Detroit Election Could Mean Overhaul for City
TOMORROW, Detroit could take a turn toward a political overhaul. City voters will choose a new mayor in an election that could play a big part in pulling the city out of economic decay and racial antagonism.
The race is between two lawyers who offer firsthand knowledge of how to overcome destitution: Dennis Archer, a former state Supreme Court justice, and Sharon McPhail, a county prosecutor. Both had a disadvantaged past, and both propose fundamental change in city government. They promise to cut crime and reverse decline in poor neighborhoods.
Like 76 percent of residents, Mr. Archer and Ms. McPhail are black. Archer views cooperation with estranged, mostly white suburbs as vital to his economic revitalization plan. He has reinforced his Detroit power base with corporate and civic support from suburbs and amassed a political war chest of more than $1.6 million, several times larger than his rival's. He lured many corporate supporters from Mayor Coleman Young before he said he would not seek another term. Archer says he would reorganize the police department and add 380 officers.
McPhail also wants to improve relations with the suburbs. But she has echoed race-conscious comments of Mr. Young - who endorses her - and accused Archer of toadying to powerful whites in outlying communities.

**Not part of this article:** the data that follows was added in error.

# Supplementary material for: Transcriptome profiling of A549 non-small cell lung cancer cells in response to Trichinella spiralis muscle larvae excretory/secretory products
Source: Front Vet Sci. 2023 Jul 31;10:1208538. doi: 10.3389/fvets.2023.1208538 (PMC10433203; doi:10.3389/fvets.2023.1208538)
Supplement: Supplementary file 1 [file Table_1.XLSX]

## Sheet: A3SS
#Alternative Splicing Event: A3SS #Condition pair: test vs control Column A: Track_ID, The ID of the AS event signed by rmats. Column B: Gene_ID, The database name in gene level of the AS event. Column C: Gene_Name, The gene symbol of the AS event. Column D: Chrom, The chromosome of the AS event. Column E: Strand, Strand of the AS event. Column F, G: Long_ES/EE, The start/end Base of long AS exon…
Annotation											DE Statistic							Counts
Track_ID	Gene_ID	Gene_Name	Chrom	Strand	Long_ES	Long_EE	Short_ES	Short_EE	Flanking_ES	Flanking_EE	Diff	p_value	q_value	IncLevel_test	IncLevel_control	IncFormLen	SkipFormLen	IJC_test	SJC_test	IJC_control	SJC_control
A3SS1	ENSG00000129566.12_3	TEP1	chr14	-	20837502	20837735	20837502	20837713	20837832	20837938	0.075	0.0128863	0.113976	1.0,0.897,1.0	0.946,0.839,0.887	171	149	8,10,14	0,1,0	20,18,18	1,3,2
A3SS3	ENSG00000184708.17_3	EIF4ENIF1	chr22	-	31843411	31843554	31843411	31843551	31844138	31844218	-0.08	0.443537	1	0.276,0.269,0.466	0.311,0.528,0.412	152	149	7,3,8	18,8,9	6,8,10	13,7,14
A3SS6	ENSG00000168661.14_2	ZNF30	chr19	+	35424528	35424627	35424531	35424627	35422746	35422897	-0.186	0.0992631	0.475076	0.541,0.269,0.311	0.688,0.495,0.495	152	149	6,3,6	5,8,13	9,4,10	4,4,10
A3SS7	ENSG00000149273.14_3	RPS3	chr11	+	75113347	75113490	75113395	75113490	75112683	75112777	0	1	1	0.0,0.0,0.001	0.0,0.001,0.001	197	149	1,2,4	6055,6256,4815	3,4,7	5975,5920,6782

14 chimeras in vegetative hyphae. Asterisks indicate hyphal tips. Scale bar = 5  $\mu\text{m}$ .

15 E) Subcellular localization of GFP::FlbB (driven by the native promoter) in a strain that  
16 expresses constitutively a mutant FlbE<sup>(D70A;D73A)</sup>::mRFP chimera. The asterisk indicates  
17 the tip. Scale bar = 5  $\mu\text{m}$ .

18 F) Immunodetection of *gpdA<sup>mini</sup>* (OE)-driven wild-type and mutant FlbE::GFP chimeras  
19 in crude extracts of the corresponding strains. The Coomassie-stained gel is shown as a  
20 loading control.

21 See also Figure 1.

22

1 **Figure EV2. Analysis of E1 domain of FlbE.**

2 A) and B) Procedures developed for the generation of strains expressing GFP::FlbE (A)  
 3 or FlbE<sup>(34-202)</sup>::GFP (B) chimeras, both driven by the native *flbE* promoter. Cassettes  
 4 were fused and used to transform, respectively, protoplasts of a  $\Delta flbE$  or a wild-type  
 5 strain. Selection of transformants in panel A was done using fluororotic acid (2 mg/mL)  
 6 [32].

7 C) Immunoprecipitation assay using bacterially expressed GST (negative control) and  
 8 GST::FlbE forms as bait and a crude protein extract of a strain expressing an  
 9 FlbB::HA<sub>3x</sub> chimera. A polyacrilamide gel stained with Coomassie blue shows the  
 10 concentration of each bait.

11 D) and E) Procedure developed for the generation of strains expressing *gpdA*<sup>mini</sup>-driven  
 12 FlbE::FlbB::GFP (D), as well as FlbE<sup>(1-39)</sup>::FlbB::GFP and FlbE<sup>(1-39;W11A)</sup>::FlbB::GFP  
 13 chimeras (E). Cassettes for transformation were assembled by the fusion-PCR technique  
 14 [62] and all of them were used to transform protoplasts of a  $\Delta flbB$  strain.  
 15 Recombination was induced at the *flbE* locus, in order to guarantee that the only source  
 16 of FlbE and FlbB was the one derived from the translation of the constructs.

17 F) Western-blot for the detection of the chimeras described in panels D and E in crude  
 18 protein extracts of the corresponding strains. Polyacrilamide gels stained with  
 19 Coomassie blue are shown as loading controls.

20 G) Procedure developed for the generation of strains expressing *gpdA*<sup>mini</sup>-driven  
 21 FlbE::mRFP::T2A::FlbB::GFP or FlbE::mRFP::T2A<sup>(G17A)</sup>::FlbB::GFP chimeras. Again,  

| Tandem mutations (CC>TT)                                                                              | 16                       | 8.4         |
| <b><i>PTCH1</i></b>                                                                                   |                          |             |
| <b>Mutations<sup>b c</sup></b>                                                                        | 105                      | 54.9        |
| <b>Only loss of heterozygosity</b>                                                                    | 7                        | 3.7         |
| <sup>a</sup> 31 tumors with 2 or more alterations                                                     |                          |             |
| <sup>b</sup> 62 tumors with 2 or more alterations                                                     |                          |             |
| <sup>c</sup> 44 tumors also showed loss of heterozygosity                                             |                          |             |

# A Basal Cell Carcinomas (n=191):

Her comments appeal to many Detroit natives who appear very poor compared with residents outside city limits. She wants to attract business investment by abolishing the corporate income tax and lowering other taxes. She would turn over abandoned buildings to entrepreneurs willing to fix them up. And says she would put 2,000 more police on streets.
Regardless who wins, the new mayor will bring big change by replacing Young, a former union organizer and state senator. He was criticized for not halting a decline in public safety, health, education, and economic welfare. He oversees a landscape dominated by dilapidated houses, trash-strewn lots, and vacant, ramshackle buildings.
Young has blamed racism and the ``hostile suburbs'' for the problems of Detroit, the country's eighth largest city. He has said difficulties in the auto industry - the keystone of the city's economy - and the flight of white residents to suburbs are the main reasons for city travails.
* James L. Tyson reports from Detroit.